The most common misconception about South Carolina Probate Judges is that they are all lawyers. While many of them are, an equal number of our Probate Judges are not.
In South Carolina, Code Section 14-23-1040 detail the requirements to be a Probate Judge as follows:
- You must be a U.S. citizen and a resident of South Carolina.
- You must be twenty-one (21) years of age.
- You must be a “qualified elector” in the County where you intend to be a Judge (in other words, you must be a resident of that county).
- You must have a four (4) years bachelor’s degree OR four (4) years experience as an employee in the Probate Court.
The U.S. Department of Justice has not approved the requirement and therefore it’s technically unenforceable. So, reading these qualifications (especially removing the education component), it would seem that a vast majority of people could become Probate Judges; however, the biggest issue is that Probate Judges in South Carolina are popularly elected. And, despite the fact that our legislators have not seen fit to increase the qualifications required, the general public usually applies some degree of common sense when going to vote (note I said usually). This means that candidates will need public support, campaign funding and plenty of yards signs. The filing fee to run varies by county but in many, it’s as much as $3500 just to have your name on the ballet. And, for the most part, the public will vote for someone who is either an attorney or who has experience in the Probate Court, Clerk of Court, or related offices. In fact, some of our best Judges in the state are non-lawyers who worked their way up in the courts.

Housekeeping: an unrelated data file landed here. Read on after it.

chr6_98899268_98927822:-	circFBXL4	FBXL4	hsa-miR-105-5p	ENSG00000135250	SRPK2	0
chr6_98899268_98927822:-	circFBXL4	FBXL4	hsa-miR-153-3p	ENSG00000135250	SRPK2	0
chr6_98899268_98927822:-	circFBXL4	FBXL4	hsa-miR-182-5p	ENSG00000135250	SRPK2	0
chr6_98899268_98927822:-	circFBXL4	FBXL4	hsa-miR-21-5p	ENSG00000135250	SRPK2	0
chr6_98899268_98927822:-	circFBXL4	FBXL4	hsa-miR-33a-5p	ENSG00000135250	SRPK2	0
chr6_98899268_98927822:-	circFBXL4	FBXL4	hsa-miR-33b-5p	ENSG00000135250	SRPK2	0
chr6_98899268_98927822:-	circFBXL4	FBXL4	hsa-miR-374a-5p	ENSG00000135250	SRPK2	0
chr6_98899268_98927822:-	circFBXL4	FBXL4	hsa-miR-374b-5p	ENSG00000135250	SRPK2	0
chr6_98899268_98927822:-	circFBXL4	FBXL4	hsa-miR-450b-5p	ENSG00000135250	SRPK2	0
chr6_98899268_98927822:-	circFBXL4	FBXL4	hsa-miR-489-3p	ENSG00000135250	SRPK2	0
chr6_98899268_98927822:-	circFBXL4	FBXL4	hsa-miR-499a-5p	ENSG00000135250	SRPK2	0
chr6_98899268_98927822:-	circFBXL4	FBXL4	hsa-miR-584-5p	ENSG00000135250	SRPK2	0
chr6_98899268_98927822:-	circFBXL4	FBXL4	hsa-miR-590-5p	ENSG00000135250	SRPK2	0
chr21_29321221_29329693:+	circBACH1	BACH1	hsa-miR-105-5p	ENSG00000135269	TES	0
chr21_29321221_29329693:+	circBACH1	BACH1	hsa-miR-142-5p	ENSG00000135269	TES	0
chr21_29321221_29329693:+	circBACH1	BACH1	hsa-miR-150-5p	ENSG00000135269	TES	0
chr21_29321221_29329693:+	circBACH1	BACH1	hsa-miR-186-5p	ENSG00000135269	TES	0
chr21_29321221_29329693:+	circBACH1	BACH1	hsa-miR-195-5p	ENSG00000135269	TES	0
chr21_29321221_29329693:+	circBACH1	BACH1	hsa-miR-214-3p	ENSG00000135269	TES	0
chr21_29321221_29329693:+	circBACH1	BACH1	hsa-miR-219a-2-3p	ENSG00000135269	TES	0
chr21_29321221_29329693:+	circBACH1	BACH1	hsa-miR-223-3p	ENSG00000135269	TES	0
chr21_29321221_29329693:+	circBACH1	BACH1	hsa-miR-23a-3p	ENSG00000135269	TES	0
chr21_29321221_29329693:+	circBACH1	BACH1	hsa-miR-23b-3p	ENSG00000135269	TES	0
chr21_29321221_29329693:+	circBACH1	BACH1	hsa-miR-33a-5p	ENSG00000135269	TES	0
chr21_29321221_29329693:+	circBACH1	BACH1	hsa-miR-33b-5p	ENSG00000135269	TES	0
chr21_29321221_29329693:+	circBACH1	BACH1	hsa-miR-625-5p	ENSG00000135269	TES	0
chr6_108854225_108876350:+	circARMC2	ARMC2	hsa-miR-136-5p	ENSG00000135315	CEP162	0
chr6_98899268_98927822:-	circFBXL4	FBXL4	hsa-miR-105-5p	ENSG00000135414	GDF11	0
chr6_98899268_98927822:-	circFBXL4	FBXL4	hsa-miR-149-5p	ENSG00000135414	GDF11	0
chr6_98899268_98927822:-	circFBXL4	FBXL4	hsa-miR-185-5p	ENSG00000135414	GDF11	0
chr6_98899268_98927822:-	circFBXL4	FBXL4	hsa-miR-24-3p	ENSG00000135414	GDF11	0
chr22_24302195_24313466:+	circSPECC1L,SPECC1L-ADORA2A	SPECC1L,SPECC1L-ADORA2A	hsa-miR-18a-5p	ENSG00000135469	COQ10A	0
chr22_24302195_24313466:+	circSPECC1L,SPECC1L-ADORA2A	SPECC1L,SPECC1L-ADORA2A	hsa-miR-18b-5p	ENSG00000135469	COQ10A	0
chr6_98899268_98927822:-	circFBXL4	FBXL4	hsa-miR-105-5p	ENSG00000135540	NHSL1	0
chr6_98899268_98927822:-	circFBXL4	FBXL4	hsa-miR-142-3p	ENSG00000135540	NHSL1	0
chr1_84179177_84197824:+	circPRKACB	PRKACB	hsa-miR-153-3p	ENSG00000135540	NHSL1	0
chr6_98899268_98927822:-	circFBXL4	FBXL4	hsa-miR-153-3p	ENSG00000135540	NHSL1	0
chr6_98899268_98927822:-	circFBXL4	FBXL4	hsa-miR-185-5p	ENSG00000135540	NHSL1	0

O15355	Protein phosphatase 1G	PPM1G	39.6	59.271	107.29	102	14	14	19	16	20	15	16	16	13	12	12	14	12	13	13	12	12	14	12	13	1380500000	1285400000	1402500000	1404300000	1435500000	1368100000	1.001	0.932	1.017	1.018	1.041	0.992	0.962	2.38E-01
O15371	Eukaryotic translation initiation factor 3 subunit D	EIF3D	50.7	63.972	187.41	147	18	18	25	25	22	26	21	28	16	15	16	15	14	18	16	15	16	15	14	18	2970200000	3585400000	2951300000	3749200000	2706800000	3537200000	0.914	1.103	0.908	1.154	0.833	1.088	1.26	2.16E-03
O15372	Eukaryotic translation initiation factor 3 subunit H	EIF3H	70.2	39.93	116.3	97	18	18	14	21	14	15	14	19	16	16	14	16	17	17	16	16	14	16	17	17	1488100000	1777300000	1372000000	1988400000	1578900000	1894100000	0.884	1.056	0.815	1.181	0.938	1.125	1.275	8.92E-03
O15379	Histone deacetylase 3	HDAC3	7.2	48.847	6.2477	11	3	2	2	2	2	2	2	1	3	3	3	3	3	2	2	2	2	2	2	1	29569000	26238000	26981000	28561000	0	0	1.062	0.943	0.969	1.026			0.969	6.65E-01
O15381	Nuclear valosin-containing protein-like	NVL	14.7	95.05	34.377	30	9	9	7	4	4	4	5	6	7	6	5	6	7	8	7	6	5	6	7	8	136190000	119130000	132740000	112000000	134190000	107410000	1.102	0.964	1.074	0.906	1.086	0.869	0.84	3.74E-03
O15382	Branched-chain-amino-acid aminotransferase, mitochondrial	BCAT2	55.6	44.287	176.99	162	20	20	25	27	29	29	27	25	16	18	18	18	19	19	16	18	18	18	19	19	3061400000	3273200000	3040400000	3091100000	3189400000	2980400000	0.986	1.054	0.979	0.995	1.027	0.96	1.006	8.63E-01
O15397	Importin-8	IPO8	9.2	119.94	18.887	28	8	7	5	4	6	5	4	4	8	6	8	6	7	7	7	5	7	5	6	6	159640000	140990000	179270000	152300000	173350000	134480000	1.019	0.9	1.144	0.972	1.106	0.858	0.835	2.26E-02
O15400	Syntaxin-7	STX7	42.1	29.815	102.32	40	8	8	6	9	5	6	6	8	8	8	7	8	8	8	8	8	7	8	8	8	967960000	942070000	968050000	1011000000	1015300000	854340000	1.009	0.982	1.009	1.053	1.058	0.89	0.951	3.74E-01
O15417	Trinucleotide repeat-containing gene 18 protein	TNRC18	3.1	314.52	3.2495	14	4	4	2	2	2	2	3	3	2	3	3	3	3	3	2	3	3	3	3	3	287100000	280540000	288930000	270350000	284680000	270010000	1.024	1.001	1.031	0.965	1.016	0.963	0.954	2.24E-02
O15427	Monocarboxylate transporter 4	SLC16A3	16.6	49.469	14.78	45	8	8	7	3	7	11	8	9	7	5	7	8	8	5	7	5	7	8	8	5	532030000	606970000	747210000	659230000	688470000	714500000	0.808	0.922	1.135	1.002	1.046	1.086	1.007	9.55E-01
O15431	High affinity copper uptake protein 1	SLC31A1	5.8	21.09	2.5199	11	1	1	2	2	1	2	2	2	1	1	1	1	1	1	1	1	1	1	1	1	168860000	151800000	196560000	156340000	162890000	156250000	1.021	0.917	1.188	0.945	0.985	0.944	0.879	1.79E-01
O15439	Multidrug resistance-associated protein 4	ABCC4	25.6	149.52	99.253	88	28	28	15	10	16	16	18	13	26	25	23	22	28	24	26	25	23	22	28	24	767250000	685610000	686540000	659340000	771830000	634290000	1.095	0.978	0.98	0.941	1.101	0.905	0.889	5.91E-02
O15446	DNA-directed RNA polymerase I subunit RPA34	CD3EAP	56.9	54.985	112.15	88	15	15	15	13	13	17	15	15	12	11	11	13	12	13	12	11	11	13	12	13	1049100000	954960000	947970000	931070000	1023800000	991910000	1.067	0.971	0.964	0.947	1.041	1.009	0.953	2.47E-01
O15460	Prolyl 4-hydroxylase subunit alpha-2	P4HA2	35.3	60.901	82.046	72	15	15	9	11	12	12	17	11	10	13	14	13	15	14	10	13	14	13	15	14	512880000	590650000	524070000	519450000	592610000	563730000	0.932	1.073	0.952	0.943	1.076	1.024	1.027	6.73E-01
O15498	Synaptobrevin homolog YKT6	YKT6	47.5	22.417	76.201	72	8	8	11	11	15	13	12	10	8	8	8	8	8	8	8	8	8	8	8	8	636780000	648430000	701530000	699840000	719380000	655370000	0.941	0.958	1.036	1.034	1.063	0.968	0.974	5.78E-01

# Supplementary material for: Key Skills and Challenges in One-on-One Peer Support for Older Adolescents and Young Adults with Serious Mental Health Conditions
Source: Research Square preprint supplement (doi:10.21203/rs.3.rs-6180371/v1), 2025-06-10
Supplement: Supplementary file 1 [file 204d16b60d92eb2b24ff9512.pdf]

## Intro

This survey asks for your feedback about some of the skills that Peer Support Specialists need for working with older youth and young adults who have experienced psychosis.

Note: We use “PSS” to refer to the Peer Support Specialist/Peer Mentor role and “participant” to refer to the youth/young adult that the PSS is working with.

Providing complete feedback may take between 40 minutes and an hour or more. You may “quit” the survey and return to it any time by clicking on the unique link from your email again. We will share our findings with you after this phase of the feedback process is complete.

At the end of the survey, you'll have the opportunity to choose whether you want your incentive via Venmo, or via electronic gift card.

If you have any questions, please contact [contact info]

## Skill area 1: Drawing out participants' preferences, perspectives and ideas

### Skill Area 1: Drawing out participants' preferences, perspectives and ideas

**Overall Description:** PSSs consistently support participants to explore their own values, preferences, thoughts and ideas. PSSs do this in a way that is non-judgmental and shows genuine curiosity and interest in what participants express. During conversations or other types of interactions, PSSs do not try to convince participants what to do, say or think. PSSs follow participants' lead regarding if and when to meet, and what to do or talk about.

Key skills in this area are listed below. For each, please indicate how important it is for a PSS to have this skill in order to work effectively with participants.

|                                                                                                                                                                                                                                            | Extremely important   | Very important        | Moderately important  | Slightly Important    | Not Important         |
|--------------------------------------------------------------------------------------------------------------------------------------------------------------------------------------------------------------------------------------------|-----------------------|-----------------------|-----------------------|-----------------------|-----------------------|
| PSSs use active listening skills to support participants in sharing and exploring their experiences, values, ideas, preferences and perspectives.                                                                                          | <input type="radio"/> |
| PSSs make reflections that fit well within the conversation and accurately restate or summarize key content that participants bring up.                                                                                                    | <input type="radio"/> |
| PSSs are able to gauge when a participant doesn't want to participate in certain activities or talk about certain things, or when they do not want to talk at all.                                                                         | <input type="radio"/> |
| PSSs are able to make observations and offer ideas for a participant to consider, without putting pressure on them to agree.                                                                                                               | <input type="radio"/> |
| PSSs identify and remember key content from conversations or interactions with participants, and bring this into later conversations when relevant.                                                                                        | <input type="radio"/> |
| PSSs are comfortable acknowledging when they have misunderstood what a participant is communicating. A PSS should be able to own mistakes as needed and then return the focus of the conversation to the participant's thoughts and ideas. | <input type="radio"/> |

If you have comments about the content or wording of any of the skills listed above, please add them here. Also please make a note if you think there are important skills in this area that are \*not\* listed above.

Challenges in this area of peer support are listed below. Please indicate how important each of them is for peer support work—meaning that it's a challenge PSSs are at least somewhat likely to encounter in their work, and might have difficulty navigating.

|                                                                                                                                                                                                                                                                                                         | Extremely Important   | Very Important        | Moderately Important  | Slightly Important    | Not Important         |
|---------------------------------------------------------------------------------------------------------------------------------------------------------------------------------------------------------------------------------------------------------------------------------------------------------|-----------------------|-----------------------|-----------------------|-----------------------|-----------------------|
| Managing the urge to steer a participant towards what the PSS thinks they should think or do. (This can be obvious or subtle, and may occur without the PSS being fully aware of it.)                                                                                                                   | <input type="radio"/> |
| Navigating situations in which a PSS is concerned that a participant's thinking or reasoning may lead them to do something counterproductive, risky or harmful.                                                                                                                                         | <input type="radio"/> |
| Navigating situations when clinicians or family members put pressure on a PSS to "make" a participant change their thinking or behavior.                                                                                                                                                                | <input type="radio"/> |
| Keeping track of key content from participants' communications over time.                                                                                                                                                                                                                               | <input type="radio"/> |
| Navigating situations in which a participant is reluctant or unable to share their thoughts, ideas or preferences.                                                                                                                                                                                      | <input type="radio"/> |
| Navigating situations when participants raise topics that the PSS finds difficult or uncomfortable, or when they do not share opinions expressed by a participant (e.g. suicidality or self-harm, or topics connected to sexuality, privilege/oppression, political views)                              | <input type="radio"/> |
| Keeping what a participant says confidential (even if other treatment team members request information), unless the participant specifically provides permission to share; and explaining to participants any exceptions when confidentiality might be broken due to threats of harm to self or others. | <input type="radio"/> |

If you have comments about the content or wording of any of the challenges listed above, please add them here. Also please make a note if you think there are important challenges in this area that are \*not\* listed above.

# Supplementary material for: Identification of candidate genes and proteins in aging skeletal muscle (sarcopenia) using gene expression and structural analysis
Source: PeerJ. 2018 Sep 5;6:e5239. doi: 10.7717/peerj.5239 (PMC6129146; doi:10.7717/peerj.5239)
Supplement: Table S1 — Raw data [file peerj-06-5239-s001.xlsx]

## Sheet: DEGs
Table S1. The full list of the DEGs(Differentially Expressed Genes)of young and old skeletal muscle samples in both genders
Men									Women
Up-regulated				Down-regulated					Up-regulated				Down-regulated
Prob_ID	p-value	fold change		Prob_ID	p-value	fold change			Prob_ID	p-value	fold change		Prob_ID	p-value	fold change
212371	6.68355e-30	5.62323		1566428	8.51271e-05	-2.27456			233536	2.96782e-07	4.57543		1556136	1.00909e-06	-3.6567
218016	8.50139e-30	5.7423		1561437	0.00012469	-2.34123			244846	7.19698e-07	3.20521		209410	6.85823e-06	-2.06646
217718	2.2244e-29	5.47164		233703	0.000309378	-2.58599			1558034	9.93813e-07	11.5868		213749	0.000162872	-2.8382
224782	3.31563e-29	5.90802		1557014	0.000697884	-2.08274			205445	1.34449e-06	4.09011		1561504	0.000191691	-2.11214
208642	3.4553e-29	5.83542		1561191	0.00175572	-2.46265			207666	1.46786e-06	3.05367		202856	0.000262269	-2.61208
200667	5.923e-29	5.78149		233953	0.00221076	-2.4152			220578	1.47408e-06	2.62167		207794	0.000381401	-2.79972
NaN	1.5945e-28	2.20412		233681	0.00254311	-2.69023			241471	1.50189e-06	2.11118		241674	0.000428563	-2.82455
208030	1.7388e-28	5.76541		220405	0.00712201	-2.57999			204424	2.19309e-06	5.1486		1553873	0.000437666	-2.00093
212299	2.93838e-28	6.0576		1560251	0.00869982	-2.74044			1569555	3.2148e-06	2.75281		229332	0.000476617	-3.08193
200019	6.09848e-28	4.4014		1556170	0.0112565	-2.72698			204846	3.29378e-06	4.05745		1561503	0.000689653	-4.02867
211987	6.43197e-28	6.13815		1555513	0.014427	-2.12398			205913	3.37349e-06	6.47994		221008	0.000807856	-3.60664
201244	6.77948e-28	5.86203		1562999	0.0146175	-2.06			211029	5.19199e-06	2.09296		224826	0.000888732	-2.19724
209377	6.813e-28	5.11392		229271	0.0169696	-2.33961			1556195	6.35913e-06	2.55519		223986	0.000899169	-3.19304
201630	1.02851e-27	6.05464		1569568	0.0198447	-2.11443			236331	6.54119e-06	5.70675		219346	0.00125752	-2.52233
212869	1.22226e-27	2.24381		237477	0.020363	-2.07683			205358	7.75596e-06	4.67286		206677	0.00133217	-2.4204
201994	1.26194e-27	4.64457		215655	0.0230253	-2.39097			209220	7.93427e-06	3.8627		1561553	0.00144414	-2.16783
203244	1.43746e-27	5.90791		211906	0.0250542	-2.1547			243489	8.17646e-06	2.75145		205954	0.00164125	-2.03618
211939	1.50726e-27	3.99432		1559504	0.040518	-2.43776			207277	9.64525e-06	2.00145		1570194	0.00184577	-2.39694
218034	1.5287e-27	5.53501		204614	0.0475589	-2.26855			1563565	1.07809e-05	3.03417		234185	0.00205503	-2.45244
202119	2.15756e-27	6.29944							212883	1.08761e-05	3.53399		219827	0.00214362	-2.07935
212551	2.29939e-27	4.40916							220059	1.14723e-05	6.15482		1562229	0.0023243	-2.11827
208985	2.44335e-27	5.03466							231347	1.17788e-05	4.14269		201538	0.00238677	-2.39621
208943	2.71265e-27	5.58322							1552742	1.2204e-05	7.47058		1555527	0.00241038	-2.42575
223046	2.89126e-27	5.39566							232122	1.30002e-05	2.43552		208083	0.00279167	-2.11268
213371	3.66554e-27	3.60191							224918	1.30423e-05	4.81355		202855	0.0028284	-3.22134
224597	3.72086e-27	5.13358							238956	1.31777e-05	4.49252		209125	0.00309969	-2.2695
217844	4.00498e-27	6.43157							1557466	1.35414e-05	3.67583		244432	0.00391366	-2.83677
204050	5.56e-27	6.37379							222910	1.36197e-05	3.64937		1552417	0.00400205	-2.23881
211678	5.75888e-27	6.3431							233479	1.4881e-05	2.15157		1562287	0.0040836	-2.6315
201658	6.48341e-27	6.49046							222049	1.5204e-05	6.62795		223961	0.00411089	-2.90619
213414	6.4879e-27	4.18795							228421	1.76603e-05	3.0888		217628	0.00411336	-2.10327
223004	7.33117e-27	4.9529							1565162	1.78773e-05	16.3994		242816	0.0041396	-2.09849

Probate Judges are county-wide elected positions which means there is one per county (46 in the state as a whole). Currently, Probate Judges do have to “declare” a party (meaning they run as Republicans, Democrats or Independents). Probate Judges are the only elected judiciary position in the state of South Carolina and are bound by very strict ethical rules when running for this position. They run every four (4) years and are allowed unlimited terms.
Besides the minimal qualifications and ability to get elected, there are some traits that are also required to actually perform the function of Probate Judge (and get re-elected). You must be very public service-oriented (low pay, lots of constituent services), have incredible patience, and be capable of reading, researching and understanding the law in the areas of probate, guardianships, conservatorships, and commitments. This isn’t your “typical” judicial position and a quick look at the biographies and backgrounds of our state’s Judges will show you that while almost anyone technically qualifies to run for Probate Judge, it takes a certain temperament to truly get the job done.